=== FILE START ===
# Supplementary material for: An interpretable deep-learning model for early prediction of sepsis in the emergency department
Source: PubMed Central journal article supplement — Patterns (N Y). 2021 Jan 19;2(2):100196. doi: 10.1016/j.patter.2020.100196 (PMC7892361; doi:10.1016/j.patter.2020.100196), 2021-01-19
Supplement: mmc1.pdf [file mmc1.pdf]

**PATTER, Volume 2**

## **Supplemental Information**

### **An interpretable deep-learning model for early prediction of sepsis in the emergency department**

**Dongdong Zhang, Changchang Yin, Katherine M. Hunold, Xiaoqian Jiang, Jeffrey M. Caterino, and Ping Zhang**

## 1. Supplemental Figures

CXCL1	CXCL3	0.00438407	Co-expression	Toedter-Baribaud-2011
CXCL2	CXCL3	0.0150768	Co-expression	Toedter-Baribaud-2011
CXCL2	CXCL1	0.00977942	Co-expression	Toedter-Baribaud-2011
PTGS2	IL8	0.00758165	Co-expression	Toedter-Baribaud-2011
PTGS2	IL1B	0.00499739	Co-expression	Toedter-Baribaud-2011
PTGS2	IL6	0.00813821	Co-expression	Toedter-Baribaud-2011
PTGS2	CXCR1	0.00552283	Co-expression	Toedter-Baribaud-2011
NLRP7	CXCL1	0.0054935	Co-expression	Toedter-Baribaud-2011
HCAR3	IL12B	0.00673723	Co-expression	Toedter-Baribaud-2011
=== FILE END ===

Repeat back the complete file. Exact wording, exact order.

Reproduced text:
# Supplementary material for: An interpretable deep-learning model for early prediction of sepsis in the emergency department
Source: PubMed Central journal article supplement — Patterns (N Y). 2021 Jan 19;2(2):100196. doi: 10.1016/j.patter.2020.100196 (PMC7892361; doi:10.1016/j.patter.2020.100196), 2021-01-19
Supplement: mmc1.pdf [file mmc1.pdf]

**PATTER, Volume 2**

## **Supplemental Information**

### **An interpretable deep-learning model for early prediction of sepsis in the emergency department**

**Dongdong Zhang, Changchang Yin, Katherine M. Hunold, Xiaoqian Jiang, Jeffrey M. Caterino, and Ping Zhang**

## 1. Supplemental Figures

CXCL1	CXCL3	0.00438407	Co-expression	Toedter-Baribaud-2011
CXCL2	CXCL3	0.0150768	Co-expression	Toedter-Baribaud-2011
CXCL2	CXCL1	0.00977942	Co-expression	Toedter-Baribaud-2011
PTGS2	IL8	0.00758165	Co-expression	Toedter-Baribaud-2011
PTGS2	IL1B	0.00499739	Co-expression	Toedter-Baribaud-2011
PTGS2	IL6	0.00813821	Co-expression	Toedter-Baribaud-2011
PTGS2	CXCR1	0.00552283	Co-expression	Toedter-Baribaud-2011
NLRP7	CXCL1	0.0054935	Co-expression	Toedter-Baribaud-2011
HCAR3	IL12B	0.00673723	Co-expression	Toedter-Baribaud-2011